Cruelty to cats increased by 25% on last year

Cruelty to cats increased by 25% on last year

Five cats a day are suffering at the hands of humans - with reports of cruelty to cats increasing by 25% compared with last year.

Figures released today show, in 2022, the number of reports made to the charity about intentional harm to cats was 1,726 - around five a day. This is up from 1,387 in 2021, an increase of 25%.
Since 2016, there have been 17,938 reports of deliberate cruelty to cats.
In the summer months cases of cruelty rise and the charity braces itself for its busiest time of the year. Reports of alleged cruelty soar to 8,400 each month in the summer - a shocking 274 reports every day.

The charity has released the staggering figures as part of its Cancel Out Cruelty campaign, in a bid to raise funds to help its frontline rescue teams continue to save animals from cruelty and abuse.

Dr Sam Gaines, head of the RSPCA’s companion animal department, said: “Cats are one of the most popular pets in the UK with an estimated 11 million pet cats in UK homes but our figures suggest sadly they are the second most abused pet - after dogs. 

“It's heart-breaking to think that five cats every day are suffering at the hands of humans - it really is appalling - but sadly the RSPCA knows all too well that this cruelty is carried out on a regular basis.

“We see hundreds of felines come through our doors every year who have been subjected to unimaginable cruelty - being beaten, burnt, thrown around, had bones broken, been shot at, poisoned and drowned.

“In many cases these pets have been injured deliberately by their owners - the very people who are supposed to love and protect them. But cats are also more vulnerable as they tend to be out and about on their own which can leave them vulnerable to airgun attacks and other forms of cruelty by complete strangers.”

Cat who had boiling water poured on him survived against the odds

A cat was left in excruciating pain for five days after having boiling water poured on him in a deliberate attack.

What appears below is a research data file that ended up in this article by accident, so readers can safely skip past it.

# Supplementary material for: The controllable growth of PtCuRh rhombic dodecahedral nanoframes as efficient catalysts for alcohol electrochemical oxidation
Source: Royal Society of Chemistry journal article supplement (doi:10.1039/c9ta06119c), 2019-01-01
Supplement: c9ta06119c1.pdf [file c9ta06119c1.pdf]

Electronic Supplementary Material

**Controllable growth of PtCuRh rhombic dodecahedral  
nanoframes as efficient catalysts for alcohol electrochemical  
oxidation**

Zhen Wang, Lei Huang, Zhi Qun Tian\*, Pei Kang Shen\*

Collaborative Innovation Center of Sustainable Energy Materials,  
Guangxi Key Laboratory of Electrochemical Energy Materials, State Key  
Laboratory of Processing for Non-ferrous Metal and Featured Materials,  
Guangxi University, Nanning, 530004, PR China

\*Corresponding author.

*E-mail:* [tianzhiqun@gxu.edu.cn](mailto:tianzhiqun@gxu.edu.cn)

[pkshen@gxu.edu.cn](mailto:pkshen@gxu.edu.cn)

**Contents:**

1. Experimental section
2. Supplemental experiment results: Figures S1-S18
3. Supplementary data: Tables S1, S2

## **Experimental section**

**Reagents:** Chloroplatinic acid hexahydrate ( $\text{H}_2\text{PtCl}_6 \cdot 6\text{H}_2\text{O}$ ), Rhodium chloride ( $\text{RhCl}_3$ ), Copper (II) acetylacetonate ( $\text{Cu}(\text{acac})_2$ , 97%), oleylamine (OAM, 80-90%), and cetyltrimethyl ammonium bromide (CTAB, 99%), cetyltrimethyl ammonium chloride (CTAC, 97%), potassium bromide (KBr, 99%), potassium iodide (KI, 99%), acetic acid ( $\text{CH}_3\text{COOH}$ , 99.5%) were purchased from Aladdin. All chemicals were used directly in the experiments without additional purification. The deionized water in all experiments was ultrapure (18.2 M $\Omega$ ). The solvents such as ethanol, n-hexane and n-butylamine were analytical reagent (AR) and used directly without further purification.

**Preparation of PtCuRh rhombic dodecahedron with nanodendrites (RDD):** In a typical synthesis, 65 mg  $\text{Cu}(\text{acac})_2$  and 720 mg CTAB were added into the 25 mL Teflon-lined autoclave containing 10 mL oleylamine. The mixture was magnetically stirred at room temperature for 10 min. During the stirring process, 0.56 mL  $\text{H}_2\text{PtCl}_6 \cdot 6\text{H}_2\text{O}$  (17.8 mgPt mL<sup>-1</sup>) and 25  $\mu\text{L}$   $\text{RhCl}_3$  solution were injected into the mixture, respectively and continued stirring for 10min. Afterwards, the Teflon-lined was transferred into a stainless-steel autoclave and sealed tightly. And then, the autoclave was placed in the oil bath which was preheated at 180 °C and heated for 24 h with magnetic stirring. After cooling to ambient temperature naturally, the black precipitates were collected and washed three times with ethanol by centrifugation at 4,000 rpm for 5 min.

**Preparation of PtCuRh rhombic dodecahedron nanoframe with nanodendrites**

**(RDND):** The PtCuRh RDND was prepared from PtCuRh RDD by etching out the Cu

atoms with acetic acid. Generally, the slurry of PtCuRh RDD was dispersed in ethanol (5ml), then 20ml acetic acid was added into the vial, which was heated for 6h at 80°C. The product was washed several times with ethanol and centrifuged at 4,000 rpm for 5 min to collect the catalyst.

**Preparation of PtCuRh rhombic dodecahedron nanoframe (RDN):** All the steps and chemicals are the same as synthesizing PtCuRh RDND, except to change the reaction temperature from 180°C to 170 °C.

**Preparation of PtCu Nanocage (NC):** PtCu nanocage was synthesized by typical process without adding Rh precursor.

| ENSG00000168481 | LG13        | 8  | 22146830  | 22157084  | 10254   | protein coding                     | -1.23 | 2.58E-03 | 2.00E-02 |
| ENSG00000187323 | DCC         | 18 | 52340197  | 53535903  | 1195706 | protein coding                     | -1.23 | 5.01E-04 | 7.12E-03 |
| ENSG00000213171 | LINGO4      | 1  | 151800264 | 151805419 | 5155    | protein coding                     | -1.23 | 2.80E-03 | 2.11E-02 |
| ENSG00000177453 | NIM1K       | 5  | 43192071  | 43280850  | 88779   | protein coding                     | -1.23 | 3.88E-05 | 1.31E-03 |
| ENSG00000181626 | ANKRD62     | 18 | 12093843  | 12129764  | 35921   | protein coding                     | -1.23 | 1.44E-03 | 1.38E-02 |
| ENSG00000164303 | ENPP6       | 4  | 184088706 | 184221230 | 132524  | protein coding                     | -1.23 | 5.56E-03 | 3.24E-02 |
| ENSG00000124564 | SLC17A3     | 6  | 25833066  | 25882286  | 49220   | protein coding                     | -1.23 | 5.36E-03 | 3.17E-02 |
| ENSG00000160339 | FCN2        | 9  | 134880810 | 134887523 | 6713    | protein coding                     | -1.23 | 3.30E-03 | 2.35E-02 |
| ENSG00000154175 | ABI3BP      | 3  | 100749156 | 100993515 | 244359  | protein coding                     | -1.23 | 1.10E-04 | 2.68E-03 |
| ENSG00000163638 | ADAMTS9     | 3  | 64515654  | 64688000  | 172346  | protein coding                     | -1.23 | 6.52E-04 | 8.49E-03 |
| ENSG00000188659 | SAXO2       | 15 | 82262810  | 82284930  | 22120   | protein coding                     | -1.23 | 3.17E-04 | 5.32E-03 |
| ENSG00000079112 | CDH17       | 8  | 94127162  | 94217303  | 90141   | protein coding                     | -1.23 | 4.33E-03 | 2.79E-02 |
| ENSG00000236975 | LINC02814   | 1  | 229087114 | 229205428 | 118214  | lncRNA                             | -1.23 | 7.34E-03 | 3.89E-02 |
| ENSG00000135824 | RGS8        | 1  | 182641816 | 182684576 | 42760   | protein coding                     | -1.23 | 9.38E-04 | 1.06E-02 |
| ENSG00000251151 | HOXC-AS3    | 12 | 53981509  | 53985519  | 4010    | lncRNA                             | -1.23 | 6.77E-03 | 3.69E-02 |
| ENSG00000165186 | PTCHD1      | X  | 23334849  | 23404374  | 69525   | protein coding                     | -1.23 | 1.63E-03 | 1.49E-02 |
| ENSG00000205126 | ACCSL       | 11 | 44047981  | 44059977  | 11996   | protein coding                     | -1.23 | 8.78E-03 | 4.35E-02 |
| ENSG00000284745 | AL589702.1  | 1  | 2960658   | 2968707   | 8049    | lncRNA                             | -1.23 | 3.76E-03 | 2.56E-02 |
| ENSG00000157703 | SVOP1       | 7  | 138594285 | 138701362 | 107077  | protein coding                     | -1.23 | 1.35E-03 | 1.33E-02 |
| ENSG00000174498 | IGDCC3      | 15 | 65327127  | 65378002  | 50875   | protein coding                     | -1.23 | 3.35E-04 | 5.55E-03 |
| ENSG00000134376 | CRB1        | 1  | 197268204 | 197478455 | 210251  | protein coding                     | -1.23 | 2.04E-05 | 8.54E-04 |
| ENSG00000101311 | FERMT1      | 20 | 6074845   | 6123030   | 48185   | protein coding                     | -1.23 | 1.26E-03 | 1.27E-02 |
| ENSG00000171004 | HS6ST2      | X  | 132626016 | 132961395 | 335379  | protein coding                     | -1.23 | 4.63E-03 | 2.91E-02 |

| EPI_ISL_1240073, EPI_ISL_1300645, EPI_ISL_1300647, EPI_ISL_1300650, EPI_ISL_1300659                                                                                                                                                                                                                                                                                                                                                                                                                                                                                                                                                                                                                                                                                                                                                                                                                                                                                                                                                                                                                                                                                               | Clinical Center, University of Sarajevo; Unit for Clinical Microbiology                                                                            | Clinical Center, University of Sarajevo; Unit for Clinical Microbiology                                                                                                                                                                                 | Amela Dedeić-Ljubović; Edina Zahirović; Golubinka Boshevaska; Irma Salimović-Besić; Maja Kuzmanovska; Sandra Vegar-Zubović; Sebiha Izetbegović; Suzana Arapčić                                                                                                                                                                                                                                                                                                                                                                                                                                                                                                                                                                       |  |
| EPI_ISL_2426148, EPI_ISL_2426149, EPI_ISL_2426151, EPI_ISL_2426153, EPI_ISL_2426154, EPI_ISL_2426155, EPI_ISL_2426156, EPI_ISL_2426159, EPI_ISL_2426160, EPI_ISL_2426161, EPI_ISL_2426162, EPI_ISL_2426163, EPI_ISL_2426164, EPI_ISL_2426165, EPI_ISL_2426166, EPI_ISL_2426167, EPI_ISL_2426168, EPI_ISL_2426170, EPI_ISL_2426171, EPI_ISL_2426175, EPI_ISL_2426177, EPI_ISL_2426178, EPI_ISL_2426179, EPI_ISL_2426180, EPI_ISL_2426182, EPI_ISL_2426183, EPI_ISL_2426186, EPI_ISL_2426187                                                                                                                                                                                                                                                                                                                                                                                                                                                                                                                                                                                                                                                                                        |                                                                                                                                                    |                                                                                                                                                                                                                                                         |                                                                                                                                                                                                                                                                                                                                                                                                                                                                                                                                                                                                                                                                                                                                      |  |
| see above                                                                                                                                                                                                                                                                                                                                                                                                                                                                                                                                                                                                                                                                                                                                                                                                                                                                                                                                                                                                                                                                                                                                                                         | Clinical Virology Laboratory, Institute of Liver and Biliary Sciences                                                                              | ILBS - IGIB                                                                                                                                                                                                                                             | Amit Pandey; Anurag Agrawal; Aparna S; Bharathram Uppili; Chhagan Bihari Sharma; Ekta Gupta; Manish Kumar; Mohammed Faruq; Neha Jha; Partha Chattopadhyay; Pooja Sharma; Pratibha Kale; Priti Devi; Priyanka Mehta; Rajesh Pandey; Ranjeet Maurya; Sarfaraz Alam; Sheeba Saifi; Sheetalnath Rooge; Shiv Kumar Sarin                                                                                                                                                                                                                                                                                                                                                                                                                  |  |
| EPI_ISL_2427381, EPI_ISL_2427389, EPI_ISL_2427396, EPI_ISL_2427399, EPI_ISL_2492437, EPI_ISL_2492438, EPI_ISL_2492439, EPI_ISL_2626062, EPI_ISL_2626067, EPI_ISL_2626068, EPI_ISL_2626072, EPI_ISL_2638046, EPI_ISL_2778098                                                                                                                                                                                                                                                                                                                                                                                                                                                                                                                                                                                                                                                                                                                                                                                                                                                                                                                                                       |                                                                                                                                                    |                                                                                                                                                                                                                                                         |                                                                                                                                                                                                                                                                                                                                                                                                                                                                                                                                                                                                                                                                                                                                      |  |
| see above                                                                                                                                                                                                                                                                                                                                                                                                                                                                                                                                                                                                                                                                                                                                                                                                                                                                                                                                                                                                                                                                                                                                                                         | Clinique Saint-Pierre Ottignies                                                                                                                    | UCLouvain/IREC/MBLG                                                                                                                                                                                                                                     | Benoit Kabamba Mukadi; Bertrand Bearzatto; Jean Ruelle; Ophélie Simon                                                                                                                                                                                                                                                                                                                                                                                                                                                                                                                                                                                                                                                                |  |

Benny had extensive scald wounds across his head, neck, shoulders, body and legs and was unable to walk on his feet which were also affected by the horrific burns before he was rescued by the RSPCA from an address in Greater Manchester and taken to the vets for urgent treatment.

Vet staff worked hard to save his life after finding scalding across many different body regions, including his head, neck, right shoulder and side of the chest and some of the claws on his feet had fallen off. His wounds were cleaned and he was placed on a drip in an isolation pod to recover.

He later underwent six operations and was in the care of the RSPCA for six months until he was ready to be rehomed.

The RSPCA is highlighting Benny’s plight as part of the charity’s Cancel Out Cruelty campaign - after latest figures showing the charity saw a 22% increase in reports of beatings in 2022 (9,658 in 2022, compared to 7,857 in 2021). 

The figures released by the RSPCA also shows:

  • In 2022 the charity saw a 22% increase in reports of beatings (9,658 in 2022, compared to 7,857 in 2021)
  • The number of beatings reported to the RSPCA in 2022 peaked in August, when 1,081 reports were received - a staggering 35 a day
  • The number of animals killed in ‘suspicious circumstances’ increased in 2022 by 15% from by 2021 (891 in 2022, compared to 775 in 2021)
  • 77% of all cruelty complaints reported to the charity 2022 were beatings 

Animal cruelty happening on a massive scale

Dermot Murphy, RSPCA inspectorate commissioner, said: “Right now, animal cruelty is happening in England and Wales on a massive scale and rising. It is heartbreaking that we are seeing such sad figures which show animal cruelty is, very sadly, on the rise.

“While we don’t know for certain why there has been an increase, the cost of living crisis and the post-pandemic world we live in has created an animal welfare crisis.

“Each year, these reports reach its terrible annual peak in the summer months – when an animal is beaten on average every hour of every day. The cost-of-living crisis also means the cost of rescuing animals is at an all-time high and our vital services are stretched to the limit.”

As the only charity in England and Wales investigating cruelty and rescuing animals, the RSPCA needs support to stay out on the frontline:

  • £2 could help to provide a meal for a cat or dog in our care
  • £6 could help pay to feed a dog for a day in our care
  • £10 could help pay towards bandages for a cat or dog
  • £15 could help pay for a cat or dog’s clinical exam
  • £20 could help pay towards a bird catching kit
  • £30 could help pay for a life jacket for an inspector
  • £100 could help pay towards water rescue equipment
  • £500 could kit out a 4x4 inspector van

The RSPCA’s frontline teams are working hard to rescue animals in need this summer but we can't do it alone - we need your help to Cancel Out Cruelty.